Safety Facility Equipment Identification Catalog Page 10 Key Business Issues

10 Key Business Issues Arc Flash Comply with New Regulations, Increase Safety and Save Costs with Proper Identification. There is a risk when working on live, energized electrical circuitry that can result in serious injury or death from a phenomenon known as Arc Flash. Arc Flash is a short circuit through the air that flashes between one live conductor to another conductor or to ground, causing a severe, explosive release of energy. It can be caused by a worker coming too close to a high-amp source with a conductive object, dropping a tool that makes contact with live components, breaks or gaps in wiring insulation or even poor maintenance practices. Arc Flash has the potential to generate extremely high heat, a forceful blast and intense light, caused by the rapid expansion of metallic components transforming to gas and molten particles in a fraction of a second. Experiencing an Arc Flash can cause severe injuries including loss of vision and hearing, third and fourth degree burns, along with the potential for severe electrical shock. Section 5(a)(1) of the Occupational Safety and Health Act The Occupational Safety and Health Administration, OSHA, has become more involved in the Arc Flash issue and has begun citing employers for failure to protect workers from the dangers of Arc Flash incidents. While no specific standard exists regulating Arc Flash, OSHA utilizes Section 5(a)(1) of the OSHA Act, often referred to as the General Duty Clause, by basing enforcement actions on an employer's duty to "furnish to each of his employees employment and a place of employment which are free from recognized hazards that are causing or are likely to cause death or serious physical harm" To provide guidance on best practices for protecting employees from Arc Flash hazards, OSHA refers employers to the NFPA 70E Standard, "Standard for Electrical Safety in the Workplace." NFPA70E 2012 - "Standard for Electrical Safety in the Workplace" Article 110.16 in the NEC and Article 130.5 in NFPA 70E state that relevant electrical equipment shall be "field marked to warn qualified persons of potential electric arc flash hazards." Once an arc flash hazard analysis has been conducted in which the arc flash boundary, the incident energy at the working distance, and the personal protective equipment required has been determined, Article 130.5 (C) in the 2012 edition of NFPA 70E further dictates that the label must contain these important elements: 1. At least one of the following: a. Available incident energy and the corresponding working distance (An incidental energy analysis is used to help predict the incident energy of an arc flash for a specified set of conditions. Incident energy is the amount of energy impressed on a surface, a certain distance away from the source, generated during an electrical arc event. This should be measured and labeled in cal/cm2.) AND/OR b. Minimum arc rating of clothing (This also should be expressed in cal/cm2. Arc rated clothing indicates it has been tested for exposure to an electrical arc. This was formally expressed as flame resistant in previous NFPA editions.) AND/OR c. Required Level of Personal Protection Equipment (PPE) AND/OR d. Highest Hazard/Risk Category (HRC) for the equipment 2. Nominal System Voltage A value assigned to a circuit or system for the purpose of conveniently designating it's voltage class (i.e. a 12-volt battery, 24-volt system, or 480-volt electrical panel.) 3. Arc Flash Boundary What Needs To Be Labeled, And By Whom? The NEC states that any of the following types of electrical equipment located in manufacturing and commercial establishments (other than dwelling occupancies) must be field marked with a warning label if subject to examination, adjustment, service or maintenance while energized: Switchboards Panelboards Industrial control panels Meter socket enclosures Motor control centers The labeling requirement is the responsibility of the employer, not the manufacturer or installer of the equipment. OSHA Regulation Summary:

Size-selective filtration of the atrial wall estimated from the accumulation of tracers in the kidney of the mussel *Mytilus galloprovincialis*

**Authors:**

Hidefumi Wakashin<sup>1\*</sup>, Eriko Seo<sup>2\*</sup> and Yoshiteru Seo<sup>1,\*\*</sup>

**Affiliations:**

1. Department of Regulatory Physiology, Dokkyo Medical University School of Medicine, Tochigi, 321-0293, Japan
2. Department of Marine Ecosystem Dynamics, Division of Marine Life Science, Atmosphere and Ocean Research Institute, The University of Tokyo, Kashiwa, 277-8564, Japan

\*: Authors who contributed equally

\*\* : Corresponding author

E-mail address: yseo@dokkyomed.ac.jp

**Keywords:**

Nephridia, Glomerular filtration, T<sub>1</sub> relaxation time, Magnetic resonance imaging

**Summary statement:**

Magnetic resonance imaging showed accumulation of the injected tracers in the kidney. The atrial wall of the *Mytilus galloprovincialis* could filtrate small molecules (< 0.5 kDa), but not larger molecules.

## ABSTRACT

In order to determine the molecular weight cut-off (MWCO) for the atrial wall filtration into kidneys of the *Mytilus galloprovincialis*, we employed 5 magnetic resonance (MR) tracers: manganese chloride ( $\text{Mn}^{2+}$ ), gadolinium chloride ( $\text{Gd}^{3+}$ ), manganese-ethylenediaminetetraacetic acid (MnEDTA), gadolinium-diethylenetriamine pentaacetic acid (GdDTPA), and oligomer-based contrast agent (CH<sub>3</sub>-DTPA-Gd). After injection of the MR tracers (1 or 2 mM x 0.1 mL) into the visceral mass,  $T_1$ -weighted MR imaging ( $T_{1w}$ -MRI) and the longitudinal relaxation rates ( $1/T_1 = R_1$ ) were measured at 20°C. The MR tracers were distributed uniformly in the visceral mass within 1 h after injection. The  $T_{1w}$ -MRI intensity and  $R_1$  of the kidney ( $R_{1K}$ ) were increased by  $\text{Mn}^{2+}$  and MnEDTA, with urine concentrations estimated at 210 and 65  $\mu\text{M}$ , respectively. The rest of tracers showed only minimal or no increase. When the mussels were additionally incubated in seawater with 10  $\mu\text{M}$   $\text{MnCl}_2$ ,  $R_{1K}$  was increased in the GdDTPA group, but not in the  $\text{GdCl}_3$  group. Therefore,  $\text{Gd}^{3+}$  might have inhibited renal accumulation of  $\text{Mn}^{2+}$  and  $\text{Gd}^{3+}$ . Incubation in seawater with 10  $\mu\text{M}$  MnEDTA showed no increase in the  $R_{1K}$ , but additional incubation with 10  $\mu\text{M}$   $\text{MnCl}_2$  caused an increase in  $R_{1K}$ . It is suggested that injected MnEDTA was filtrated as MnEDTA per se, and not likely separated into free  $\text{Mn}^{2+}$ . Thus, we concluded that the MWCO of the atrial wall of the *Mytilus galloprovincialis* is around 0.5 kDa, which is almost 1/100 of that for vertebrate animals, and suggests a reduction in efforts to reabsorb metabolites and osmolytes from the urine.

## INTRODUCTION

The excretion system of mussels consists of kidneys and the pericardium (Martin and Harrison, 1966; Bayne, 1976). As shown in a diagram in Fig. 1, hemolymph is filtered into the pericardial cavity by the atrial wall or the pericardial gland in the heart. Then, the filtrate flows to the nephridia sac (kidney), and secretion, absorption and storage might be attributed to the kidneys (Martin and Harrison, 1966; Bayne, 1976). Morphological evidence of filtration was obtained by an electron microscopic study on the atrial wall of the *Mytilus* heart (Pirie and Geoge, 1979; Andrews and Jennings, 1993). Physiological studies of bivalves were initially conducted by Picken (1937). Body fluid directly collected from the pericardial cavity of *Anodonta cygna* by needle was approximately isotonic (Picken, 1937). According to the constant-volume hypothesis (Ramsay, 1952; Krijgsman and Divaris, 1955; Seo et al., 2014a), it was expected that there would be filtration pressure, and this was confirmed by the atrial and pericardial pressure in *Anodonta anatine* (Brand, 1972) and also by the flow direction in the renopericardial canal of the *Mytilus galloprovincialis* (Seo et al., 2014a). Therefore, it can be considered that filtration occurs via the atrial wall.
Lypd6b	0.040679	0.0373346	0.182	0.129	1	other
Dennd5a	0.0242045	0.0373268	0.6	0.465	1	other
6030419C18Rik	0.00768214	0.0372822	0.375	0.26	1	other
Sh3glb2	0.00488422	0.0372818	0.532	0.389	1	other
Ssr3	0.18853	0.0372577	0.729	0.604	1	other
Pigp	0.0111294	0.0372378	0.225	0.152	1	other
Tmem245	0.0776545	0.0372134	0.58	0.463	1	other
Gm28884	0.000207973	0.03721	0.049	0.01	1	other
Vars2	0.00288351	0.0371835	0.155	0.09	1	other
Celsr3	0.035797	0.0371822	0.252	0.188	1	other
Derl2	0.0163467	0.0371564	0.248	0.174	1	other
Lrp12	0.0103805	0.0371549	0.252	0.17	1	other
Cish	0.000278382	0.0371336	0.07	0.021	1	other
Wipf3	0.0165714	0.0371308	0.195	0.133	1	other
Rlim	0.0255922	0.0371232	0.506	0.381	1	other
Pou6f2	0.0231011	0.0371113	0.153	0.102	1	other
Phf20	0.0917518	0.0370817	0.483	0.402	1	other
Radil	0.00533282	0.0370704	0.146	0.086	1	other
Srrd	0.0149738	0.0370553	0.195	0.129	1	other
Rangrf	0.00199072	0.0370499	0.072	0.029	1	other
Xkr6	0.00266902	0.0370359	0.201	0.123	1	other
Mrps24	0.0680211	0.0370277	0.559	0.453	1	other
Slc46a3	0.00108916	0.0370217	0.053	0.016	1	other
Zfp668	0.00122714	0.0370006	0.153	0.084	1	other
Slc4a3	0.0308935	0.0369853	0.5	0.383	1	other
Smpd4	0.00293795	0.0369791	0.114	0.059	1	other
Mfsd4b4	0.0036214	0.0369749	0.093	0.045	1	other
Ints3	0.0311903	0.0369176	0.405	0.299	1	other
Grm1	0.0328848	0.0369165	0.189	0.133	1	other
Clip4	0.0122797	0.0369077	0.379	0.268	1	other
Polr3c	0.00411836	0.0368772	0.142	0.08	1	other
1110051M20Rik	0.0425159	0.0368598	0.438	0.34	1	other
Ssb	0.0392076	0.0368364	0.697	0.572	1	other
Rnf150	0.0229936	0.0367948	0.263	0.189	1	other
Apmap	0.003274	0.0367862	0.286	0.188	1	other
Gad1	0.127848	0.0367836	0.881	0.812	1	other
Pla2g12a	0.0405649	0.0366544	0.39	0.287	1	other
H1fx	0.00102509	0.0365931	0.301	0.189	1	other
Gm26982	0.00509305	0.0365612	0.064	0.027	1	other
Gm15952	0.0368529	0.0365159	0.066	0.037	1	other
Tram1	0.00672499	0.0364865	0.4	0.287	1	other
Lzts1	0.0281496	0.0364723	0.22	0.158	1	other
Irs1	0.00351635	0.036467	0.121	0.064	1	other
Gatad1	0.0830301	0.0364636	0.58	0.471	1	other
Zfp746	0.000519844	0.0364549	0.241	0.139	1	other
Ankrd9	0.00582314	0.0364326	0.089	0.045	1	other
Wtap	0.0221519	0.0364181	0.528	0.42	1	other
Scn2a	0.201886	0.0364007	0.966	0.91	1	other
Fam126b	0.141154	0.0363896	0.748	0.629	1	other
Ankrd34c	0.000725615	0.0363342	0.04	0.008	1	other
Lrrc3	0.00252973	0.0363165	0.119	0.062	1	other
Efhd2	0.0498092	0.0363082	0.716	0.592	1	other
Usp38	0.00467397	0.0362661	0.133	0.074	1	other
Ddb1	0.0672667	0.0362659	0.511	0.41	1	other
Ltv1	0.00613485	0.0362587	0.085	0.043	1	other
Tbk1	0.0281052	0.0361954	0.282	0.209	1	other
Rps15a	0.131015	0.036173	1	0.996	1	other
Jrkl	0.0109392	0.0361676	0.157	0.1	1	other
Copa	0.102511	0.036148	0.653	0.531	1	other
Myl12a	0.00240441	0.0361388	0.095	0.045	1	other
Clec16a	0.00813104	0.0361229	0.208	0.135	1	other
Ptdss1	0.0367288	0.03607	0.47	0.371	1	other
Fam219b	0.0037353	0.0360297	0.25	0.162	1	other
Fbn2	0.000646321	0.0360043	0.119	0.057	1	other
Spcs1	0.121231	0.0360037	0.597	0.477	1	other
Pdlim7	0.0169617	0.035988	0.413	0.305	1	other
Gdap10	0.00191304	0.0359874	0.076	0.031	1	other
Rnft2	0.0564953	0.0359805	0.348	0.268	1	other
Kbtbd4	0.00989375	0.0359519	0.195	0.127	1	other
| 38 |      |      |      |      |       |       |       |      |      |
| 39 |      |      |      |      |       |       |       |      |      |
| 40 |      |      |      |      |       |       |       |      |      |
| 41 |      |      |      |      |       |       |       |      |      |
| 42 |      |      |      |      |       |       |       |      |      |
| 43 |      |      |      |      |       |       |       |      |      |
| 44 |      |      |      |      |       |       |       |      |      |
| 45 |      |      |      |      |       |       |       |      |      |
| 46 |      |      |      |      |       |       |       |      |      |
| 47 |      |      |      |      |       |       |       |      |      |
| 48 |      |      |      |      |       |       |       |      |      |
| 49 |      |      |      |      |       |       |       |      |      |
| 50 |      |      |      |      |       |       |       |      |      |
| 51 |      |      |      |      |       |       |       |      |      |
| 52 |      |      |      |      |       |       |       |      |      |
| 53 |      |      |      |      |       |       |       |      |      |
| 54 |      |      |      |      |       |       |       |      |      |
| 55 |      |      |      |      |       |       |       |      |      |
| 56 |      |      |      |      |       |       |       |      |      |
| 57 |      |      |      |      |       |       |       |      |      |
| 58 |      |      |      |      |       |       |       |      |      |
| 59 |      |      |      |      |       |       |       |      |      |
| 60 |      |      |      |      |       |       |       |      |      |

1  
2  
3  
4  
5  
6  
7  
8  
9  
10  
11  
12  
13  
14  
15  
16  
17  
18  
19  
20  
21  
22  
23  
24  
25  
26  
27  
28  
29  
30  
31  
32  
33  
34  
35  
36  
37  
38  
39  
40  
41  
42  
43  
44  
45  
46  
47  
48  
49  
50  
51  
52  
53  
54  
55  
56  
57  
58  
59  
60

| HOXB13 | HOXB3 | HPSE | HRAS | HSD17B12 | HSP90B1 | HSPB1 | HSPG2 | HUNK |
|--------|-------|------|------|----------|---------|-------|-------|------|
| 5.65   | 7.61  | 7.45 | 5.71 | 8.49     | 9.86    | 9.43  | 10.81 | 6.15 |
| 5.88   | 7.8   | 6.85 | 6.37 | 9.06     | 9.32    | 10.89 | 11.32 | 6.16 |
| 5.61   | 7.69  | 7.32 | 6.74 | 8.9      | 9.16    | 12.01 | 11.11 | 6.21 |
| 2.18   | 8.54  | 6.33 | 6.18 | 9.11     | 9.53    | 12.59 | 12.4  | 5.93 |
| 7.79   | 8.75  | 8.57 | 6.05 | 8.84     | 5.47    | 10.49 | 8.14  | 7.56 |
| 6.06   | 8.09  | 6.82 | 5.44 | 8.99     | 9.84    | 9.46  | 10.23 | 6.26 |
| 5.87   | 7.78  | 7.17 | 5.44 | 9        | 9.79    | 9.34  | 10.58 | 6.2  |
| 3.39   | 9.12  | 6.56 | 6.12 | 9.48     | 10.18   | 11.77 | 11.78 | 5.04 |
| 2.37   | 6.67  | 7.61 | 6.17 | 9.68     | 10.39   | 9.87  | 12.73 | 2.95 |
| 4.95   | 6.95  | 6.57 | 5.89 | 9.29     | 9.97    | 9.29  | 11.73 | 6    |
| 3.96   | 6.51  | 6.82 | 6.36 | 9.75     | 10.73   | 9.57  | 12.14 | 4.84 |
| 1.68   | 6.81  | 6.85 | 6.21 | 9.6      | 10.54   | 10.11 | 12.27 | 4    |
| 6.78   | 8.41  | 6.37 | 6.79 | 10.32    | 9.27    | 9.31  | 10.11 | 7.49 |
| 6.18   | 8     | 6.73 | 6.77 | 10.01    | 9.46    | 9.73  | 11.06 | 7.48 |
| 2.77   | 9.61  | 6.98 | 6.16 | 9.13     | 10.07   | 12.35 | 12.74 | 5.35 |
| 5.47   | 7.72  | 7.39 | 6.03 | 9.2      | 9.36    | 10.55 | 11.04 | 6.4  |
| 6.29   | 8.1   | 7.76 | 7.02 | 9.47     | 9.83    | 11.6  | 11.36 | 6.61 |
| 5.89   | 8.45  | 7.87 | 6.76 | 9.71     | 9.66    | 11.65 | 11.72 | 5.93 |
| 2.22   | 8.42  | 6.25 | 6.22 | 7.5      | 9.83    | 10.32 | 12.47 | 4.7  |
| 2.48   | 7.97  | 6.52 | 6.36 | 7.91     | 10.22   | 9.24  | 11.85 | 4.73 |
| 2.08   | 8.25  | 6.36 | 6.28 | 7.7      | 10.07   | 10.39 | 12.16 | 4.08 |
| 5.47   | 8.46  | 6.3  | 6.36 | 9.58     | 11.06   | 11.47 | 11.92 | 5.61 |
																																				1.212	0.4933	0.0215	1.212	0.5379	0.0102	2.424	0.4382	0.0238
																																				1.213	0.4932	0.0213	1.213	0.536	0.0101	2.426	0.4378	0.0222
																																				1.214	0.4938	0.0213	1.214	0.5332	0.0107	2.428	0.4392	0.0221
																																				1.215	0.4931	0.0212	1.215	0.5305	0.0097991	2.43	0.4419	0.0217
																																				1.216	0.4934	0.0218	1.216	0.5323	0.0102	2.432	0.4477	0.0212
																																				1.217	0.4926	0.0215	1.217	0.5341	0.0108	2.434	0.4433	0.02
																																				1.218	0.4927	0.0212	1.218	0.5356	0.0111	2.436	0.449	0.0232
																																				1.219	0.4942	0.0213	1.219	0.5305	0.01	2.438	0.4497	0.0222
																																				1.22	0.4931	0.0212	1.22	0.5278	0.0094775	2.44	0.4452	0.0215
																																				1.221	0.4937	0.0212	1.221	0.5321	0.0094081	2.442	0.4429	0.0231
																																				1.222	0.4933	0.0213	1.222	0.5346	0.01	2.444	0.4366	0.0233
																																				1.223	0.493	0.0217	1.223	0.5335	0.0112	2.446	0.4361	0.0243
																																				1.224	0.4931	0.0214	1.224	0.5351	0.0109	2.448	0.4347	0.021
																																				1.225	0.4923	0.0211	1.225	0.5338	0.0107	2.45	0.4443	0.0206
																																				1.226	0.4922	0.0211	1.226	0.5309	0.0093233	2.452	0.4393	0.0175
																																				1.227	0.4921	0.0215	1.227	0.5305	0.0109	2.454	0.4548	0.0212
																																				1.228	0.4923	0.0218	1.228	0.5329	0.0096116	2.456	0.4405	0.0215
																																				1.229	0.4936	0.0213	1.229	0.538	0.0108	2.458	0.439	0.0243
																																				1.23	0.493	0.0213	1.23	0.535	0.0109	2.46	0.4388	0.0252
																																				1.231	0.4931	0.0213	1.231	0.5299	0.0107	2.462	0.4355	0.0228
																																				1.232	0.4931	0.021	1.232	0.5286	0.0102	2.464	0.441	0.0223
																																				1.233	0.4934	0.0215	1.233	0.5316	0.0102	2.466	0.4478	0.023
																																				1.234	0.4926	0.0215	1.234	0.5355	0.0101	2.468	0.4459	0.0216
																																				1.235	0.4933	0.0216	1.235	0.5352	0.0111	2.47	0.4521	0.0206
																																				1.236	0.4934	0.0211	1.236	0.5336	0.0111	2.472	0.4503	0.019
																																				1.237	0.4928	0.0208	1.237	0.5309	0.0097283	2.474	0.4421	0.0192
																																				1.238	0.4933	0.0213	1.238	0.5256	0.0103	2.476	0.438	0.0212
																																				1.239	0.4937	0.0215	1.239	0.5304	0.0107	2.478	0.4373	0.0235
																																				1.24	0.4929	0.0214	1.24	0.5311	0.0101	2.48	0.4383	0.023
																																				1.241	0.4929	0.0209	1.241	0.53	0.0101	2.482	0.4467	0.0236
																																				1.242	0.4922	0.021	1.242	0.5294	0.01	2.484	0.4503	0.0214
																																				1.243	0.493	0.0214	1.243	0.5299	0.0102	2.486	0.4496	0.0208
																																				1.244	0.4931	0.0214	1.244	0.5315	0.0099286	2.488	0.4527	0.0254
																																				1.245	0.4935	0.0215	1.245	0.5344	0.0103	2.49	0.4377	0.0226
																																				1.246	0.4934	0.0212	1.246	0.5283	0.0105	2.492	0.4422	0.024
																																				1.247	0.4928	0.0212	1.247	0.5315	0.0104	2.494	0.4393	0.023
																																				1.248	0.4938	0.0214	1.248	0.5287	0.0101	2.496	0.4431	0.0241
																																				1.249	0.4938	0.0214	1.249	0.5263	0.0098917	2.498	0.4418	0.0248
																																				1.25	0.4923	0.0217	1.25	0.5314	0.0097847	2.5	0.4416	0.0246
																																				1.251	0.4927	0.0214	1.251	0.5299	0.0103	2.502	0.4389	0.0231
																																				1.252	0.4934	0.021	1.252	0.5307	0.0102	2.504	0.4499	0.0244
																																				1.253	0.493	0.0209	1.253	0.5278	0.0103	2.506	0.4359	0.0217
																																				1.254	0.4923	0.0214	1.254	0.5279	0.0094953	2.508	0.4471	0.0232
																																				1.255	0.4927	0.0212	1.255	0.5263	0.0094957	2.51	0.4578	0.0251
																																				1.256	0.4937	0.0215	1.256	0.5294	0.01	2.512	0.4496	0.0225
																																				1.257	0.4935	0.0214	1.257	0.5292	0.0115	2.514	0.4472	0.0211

Previous Page
Next Page